PROSTEJOV, Czech Republic – Special Forces Soldiers assigned to the Texas Army National Guard were awarded the Medal of the Minister of Defense of Czech Republic Oct. 25 for their help during combat deployment to Afghanistan as part of Operation Resolute Support.
Resolute Support is a NATO-led mission to train, advise and assist the Afghan National Defense and Security Forces. The Resolute Support mission includes 17,000 people from 39 NATO Allies and partners.
"The ceremony was a dedication to the end of a successful mission that was conducted in Afghanistan," said the deputy commander of the Czech Republic's Special Operations Forces. "It is important for everyone to understand how special it is for us to have our U.S. brothers here with us. My Czech operators that served side-by-side with the [Texas] operators felt the cooperation was extraordinary and wanted to express gratitude."
During their deployment, the Texas Guard members, assigned to the Army's 19th Special Forces Group (Airborne), partnered with Czech SOF for six months in Afghanistan's Western region.
"It is not common for Czech to give foreign service members this [Medal of the Minister of Defense of Czech Republic] decoration," said the Czech deputy commander. "They are here not because of me, or my boss, or my boss' boss. They are here because of the brotherhood that was born in the battlefield of Afghanistan. It is because of operators here in this unit that were deployed, had someone next to them from the United States that they could rely on."
This combined effort stems from a 24-year relationship between the Texas Military Department, Nebraska National Guard and the Czech Republic as part of the U.S. State Department's State Partnership Program, based on military-to-military engagements with all components from the Czech Republic and Texas.
"It was great for us to take that partnership that had been developed over the years and put it together in a mutual deployment," said the detachment commander of the Texas-based 19th SFG (A) Special Forces team. "The Czechs went on approximately 30 missions with us, so that is a lot of time spent on a daily basis planning, rehearsing and executing, and it just validated that our special operations brotherhood is more than just our regiment, it expands across our NATO partners."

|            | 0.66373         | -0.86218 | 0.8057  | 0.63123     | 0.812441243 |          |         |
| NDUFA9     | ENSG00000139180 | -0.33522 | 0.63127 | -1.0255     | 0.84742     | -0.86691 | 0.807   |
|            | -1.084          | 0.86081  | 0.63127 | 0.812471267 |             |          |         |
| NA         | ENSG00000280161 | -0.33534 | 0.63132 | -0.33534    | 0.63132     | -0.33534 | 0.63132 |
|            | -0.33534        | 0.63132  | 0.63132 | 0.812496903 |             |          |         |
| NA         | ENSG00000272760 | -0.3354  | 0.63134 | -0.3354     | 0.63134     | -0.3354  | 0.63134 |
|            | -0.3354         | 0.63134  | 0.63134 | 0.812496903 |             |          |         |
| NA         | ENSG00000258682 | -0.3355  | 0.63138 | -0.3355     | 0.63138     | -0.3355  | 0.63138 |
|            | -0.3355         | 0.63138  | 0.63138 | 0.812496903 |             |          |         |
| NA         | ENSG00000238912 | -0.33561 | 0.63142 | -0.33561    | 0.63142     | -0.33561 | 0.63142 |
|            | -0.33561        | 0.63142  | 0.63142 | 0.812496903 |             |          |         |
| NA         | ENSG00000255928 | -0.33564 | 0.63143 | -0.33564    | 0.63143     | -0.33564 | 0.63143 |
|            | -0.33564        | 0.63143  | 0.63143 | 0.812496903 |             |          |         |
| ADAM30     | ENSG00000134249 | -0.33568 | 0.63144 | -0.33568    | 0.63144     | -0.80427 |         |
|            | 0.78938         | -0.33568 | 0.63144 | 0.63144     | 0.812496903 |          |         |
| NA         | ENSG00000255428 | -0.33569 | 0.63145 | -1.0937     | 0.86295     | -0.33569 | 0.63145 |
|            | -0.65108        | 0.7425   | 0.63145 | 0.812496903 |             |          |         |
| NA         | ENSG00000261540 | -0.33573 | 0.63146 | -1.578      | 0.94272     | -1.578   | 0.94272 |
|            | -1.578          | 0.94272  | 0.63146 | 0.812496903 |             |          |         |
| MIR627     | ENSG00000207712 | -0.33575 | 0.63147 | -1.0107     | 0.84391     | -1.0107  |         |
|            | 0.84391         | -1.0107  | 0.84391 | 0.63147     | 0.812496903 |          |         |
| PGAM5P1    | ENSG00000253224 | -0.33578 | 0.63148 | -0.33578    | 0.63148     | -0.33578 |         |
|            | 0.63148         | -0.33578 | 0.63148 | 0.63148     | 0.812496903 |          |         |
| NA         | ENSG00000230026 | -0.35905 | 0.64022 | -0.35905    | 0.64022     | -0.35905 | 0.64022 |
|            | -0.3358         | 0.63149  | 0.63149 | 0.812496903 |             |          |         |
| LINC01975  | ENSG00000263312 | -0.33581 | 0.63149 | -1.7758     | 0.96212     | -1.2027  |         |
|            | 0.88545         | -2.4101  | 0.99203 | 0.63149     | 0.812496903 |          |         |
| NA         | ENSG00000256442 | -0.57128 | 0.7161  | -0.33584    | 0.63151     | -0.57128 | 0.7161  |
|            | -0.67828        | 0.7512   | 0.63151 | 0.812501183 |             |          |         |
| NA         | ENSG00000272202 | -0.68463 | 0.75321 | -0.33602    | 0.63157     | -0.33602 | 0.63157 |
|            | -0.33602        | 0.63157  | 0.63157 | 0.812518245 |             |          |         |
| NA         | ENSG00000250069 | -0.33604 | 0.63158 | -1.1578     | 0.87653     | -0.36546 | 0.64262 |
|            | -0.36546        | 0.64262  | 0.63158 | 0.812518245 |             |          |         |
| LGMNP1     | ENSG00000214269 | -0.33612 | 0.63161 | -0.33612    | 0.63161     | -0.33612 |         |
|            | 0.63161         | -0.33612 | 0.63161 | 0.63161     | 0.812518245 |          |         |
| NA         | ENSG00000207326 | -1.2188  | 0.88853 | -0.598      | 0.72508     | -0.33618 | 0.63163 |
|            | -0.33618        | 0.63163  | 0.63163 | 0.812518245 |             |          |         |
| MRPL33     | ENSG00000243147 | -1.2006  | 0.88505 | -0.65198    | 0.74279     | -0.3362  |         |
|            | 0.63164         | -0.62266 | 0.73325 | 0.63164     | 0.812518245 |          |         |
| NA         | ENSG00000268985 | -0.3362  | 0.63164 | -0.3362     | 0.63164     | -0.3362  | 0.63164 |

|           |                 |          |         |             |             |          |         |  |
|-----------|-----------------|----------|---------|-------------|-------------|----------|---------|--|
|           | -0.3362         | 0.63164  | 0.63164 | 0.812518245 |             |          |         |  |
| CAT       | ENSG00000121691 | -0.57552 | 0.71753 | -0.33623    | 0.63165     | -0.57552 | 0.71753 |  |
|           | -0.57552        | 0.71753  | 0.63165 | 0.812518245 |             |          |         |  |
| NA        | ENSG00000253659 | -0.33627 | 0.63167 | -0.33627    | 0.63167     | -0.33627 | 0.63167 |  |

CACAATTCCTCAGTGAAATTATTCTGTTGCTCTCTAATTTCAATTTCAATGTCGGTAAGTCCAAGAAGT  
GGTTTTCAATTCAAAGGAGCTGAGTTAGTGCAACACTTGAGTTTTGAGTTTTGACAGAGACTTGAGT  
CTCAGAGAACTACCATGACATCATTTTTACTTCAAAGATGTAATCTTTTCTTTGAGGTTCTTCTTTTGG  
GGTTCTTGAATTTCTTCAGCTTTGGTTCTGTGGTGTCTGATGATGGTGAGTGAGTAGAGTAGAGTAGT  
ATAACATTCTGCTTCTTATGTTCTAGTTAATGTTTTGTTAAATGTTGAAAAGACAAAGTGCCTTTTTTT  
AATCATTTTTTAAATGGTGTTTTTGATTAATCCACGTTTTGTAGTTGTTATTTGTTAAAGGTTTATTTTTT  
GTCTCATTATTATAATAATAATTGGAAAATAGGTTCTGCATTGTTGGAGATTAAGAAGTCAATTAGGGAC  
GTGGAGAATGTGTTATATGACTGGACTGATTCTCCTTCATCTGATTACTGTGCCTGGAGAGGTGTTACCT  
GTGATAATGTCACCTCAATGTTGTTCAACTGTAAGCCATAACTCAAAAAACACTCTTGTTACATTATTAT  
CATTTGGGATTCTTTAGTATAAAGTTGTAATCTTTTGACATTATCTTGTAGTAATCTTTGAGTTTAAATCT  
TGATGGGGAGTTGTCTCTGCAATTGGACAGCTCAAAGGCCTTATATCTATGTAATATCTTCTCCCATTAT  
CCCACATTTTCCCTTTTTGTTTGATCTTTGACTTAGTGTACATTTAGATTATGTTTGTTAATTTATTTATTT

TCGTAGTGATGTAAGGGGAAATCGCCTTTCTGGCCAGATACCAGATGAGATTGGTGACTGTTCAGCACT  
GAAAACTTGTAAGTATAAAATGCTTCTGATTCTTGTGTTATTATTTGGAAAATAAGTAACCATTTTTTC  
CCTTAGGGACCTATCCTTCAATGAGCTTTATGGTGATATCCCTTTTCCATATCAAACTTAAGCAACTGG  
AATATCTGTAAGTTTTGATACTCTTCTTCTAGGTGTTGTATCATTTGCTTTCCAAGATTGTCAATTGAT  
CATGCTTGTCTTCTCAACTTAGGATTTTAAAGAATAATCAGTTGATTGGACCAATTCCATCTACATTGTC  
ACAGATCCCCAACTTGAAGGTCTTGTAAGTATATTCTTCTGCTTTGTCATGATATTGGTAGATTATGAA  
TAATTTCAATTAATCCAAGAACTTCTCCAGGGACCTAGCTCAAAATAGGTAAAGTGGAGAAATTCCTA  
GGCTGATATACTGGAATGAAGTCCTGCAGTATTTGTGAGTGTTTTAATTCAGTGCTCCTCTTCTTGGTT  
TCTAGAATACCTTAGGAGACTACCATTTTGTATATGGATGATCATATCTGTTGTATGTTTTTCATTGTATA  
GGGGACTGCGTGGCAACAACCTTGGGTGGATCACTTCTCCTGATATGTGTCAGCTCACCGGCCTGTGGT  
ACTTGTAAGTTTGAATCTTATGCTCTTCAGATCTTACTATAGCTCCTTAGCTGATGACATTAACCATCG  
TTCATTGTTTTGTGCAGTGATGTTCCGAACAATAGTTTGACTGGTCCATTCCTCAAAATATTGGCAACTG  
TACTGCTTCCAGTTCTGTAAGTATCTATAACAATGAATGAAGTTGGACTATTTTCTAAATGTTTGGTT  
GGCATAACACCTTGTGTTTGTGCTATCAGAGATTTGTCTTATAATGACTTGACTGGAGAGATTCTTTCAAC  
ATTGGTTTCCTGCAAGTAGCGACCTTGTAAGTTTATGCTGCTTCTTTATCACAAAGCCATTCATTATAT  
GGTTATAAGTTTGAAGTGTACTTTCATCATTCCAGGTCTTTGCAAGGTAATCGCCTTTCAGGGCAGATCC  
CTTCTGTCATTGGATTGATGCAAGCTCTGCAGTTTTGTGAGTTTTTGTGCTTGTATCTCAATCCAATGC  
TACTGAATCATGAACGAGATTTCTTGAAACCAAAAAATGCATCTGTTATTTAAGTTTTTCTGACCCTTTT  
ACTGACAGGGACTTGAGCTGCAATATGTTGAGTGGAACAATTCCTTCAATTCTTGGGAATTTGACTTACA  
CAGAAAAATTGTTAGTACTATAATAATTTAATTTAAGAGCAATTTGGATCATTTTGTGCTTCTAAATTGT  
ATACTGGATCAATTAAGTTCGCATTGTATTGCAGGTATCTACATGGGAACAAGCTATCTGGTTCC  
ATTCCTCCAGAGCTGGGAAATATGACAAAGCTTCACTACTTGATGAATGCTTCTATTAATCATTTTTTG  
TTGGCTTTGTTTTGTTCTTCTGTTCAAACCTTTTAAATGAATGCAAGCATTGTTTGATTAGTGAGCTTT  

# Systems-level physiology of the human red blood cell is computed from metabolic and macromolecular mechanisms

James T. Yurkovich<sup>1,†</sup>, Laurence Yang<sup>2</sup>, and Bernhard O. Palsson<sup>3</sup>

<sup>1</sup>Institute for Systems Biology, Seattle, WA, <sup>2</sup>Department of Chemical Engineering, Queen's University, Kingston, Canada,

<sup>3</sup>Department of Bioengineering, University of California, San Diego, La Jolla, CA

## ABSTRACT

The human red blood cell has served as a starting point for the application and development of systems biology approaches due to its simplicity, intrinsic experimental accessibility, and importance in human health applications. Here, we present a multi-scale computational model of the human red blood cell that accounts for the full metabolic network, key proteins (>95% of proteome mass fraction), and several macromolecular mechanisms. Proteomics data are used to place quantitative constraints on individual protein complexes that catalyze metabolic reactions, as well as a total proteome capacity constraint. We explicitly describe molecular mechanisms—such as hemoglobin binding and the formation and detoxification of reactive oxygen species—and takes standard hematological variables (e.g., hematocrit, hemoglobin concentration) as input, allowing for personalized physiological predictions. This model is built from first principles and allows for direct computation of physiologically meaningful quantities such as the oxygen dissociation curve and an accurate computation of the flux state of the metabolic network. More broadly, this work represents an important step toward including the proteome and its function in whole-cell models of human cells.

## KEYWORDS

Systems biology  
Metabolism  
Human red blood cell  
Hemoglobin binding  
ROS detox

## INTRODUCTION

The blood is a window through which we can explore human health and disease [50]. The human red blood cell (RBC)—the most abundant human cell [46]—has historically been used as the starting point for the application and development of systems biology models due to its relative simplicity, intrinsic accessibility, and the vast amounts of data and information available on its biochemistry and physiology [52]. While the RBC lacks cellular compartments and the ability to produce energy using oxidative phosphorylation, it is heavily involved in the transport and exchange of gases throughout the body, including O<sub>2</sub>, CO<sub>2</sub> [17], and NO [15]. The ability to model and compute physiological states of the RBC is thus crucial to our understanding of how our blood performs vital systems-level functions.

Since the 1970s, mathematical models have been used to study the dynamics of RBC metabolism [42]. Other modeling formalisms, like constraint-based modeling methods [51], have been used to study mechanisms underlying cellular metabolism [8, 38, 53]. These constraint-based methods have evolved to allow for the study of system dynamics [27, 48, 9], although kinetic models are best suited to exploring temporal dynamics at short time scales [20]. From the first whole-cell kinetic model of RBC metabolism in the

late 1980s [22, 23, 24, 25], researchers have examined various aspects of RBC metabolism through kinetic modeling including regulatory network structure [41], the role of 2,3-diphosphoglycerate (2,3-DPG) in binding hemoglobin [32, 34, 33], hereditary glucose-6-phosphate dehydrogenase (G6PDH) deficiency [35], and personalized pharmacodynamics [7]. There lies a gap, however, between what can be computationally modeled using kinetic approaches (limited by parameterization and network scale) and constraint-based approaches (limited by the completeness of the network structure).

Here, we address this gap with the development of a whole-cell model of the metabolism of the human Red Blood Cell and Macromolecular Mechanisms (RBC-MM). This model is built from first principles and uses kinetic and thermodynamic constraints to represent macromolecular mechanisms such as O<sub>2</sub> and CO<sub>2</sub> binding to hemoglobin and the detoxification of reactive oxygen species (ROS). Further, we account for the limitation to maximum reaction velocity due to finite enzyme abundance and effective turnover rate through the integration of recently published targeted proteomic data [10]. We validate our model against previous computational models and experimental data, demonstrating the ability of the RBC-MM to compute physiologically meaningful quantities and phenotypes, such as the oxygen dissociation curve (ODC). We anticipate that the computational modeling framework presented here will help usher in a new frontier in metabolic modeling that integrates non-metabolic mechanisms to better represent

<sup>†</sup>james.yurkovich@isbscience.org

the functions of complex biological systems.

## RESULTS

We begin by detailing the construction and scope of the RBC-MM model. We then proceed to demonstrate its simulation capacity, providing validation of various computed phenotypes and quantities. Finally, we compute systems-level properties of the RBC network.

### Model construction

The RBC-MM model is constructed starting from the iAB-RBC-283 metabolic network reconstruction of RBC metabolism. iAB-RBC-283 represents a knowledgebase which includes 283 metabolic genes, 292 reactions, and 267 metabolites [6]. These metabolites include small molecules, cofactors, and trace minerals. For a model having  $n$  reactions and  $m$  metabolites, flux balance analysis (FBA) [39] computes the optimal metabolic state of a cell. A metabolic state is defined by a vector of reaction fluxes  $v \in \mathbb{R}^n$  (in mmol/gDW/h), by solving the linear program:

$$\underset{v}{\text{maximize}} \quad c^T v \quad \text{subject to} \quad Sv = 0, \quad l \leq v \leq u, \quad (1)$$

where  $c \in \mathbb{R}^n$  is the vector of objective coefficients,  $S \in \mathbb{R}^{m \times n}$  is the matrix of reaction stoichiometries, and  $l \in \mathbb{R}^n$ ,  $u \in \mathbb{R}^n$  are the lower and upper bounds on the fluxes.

Those who have participated in the State Partnership Program have seen the direct correlation between investing in the relationship with their Czech counterparts during peacetime and the effectiveness created between NATO Allies in combat.
"There's a plaque I have with pictures of the teams working together across all of those missions," said the American detachment commander. "This directly demonstrates the strength of the state partnership from each program, even in places as distant as Afghanistan, the U.S. Army, the Texas Army National Guard and the Czech Republic can work hand in hand for mutual goals and benefits."
This deployment was one of many examples of how the Texas and Czech Republic's partner-unit preparation, through U.S. support and engagement, is a strengthened capability and improves interoperability, whether it is training at home station or combat missions abroad.
"I am so proud of these Texas Guardsmen," said Texas Army National Guard Maj. Gen. Tracy Norris, the adjutant general of Texas. "Their efforts to work in close collaboration with our Czech partners and go the extra mile exemplify the type of Soldier we all strive to be. Our long campaign in Afghanistan has required our troops to be highly adaptable professionals at all times. The 19th SFG (A) continues to stay true to our mission and values in this war fight, bringing honor to themselves and those of us back home."